HT: Tell me about the other festivals you’re doing this summer.

JM: I’m doing Rootwire and Regeneration festivals. Papadosio puts on Rootwire Festival.  Keep your ear out for Papadosio.  They are killing it right now.  They put on this festival; it’s going to be a good time. The original Regeneration festival was in 2007 in Asheville, North Carolina.  This time, the festival is in Oregon.  It’s put on by Sector 9 and 1320 and Madison House.  I’m totally ecstatic.  Horning’s Hideout is supposedly the most amazing place ever.

HT: What else do you have on tap?

JM: I’ve been writing music.  We are putting together some stuff for Athens, Georgia in July, hopefully. As of right now, I am working on new material.  I’m deciding between putting out a single, and having a couple of people remix the single, or just going ahead and doing a new full length record.  I would hope to have it out by October or November.

But then I’m reminded that you can’t force creativity. When I can’t write songs, I can’t write songs.  I travel and play a lot of college towns, but, well, lots of people who go to shows go somewhere else over the summer in a college town, you know?

HT: Is Athens the hub of electronic dance music?

JM: I don’t really know, I’m on the inside looking out.  Maybe you could say that. I moved to Athens in January of 2002, and have pretty much been here ever since.  It’s a cool spot.  There is no reason to leave.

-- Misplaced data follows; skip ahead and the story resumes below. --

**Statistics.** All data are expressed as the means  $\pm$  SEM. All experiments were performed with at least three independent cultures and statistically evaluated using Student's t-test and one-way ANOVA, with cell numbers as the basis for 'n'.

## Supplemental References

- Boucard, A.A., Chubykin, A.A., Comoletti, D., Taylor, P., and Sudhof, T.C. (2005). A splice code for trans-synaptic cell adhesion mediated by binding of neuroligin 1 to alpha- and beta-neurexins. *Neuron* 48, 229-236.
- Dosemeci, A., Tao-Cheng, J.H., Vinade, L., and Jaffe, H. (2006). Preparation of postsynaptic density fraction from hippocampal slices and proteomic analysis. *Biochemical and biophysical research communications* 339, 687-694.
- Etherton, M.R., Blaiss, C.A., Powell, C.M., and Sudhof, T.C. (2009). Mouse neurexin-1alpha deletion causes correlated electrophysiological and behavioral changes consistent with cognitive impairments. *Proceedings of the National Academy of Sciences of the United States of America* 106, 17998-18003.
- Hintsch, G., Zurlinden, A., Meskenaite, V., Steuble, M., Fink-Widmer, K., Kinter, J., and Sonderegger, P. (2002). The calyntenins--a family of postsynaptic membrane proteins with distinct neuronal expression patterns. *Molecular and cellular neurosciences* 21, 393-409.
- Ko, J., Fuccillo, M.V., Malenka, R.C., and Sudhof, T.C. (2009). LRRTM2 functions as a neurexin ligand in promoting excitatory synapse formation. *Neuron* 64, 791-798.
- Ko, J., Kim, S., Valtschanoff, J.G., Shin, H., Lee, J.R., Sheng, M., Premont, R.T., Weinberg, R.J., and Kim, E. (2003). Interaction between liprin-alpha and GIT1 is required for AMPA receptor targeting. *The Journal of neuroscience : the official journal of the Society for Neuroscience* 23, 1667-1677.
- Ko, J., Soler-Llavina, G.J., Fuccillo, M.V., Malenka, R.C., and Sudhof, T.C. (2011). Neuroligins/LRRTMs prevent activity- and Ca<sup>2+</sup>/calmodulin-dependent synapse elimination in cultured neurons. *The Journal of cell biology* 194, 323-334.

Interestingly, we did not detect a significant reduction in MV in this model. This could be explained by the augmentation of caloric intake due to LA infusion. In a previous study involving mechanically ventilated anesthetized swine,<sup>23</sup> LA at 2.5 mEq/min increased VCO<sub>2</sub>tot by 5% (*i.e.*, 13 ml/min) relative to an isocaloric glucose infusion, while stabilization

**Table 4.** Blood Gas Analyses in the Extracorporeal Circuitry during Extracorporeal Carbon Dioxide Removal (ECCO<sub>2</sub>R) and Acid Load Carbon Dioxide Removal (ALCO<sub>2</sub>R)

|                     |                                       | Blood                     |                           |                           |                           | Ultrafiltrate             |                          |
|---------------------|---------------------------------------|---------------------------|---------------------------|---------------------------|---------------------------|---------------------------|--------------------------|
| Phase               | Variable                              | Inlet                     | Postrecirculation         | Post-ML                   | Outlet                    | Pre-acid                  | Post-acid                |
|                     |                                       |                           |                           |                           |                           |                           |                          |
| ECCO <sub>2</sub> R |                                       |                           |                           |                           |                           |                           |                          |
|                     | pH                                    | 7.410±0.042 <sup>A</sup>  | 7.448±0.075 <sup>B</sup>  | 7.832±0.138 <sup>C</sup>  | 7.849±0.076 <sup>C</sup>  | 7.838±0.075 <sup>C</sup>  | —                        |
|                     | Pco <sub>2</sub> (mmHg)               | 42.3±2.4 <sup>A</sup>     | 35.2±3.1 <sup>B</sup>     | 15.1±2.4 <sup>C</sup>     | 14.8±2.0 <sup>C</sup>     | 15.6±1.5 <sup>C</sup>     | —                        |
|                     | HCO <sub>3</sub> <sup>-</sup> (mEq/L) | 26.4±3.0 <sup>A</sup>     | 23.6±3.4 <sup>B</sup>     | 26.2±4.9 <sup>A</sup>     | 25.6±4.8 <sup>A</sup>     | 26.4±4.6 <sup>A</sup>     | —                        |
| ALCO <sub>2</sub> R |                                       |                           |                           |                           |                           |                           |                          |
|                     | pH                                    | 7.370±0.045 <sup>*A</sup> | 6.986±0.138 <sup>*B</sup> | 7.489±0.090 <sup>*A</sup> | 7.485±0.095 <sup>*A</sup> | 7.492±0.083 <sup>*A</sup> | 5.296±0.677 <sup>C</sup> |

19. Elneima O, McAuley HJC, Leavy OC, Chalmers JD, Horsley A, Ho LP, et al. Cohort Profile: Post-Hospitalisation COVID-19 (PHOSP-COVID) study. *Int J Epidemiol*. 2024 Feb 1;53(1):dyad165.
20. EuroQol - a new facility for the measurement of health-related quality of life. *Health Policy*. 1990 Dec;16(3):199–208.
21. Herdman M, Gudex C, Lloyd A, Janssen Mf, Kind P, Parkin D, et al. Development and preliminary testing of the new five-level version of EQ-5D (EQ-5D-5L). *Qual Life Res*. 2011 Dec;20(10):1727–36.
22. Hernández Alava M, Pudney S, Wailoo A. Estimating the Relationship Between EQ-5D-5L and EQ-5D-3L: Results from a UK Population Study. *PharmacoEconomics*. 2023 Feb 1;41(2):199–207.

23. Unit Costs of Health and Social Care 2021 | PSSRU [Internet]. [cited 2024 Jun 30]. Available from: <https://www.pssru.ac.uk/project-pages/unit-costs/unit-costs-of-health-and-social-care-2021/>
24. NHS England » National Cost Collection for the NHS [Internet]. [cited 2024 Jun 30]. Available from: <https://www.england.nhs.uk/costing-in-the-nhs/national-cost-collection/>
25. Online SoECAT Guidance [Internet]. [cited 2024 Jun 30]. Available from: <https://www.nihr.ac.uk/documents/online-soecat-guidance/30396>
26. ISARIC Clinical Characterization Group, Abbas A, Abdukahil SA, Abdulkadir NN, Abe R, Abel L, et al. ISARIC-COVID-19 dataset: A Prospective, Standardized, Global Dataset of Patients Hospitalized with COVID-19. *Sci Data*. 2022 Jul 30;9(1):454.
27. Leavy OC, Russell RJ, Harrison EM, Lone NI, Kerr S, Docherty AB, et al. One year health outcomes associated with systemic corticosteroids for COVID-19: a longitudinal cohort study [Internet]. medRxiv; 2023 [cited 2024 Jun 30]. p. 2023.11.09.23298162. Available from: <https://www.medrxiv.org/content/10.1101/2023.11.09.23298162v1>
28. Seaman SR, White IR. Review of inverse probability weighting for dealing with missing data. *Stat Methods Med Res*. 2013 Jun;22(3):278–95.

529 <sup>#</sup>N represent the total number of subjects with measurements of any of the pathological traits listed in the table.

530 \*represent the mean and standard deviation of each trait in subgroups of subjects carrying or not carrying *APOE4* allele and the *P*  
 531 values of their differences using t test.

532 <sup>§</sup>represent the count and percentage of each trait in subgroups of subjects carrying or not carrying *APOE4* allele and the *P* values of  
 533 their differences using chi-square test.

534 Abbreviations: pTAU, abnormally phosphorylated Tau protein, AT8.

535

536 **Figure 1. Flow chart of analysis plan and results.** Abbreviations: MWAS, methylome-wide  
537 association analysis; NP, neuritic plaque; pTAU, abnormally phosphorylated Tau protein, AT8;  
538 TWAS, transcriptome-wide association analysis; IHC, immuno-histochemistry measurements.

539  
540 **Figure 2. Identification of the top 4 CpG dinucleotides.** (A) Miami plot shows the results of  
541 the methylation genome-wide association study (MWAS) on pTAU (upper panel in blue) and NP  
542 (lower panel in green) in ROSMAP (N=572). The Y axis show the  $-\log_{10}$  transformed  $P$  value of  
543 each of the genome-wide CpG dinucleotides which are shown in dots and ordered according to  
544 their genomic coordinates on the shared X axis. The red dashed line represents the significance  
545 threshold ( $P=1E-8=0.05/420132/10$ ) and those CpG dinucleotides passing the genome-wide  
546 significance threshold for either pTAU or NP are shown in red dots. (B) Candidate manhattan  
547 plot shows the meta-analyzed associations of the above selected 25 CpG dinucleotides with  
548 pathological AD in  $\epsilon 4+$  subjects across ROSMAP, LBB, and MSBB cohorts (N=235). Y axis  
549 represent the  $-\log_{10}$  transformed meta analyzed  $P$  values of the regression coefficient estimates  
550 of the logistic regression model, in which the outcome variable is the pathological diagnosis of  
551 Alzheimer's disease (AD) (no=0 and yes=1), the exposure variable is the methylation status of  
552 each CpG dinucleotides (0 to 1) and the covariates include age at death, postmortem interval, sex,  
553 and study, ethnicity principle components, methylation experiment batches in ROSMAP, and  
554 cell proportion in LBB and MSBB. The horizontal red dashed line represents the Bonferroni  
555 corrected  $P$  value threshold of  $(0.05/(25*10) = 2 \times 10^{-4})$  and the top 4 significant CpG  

HT: Tell me about your creative process.

JM: The creative process comes with either hearing something that sparks an idea, or something that happens that sparks an idea, and I usually just start creating off that. And within a day of two, I can usually tell if the song is going to continue to grow.

That is definitely another difference between Gresham’s and Billet Doux.  With Gresham’s we had ideas and we just went with it.  But on Billet Doux, we really developed ideas over time.  And that’s the best thing. You get a few ideas, and let them keep marinating over time until they are ready.  So, I’m hoping by the end of the year to have something new out.

HT: Are you politically-minded?  What is behind the name of the track, "Obamanation"?

JM: I’m not a super politically-driven person.  I just thought it was interesting because people can look at it two different ways.  I think it’s funny how when Obama was elected, people either loved him or despised him.  There wasn’t a lot of in between. 

I get a lot of questions about that song.  That was the intention – to show the controversy.  People can take it however they want to.

Hey, I play electronic dance music. It’s about partying. I’ll play that song at Camp Bisco.  It’s a good one.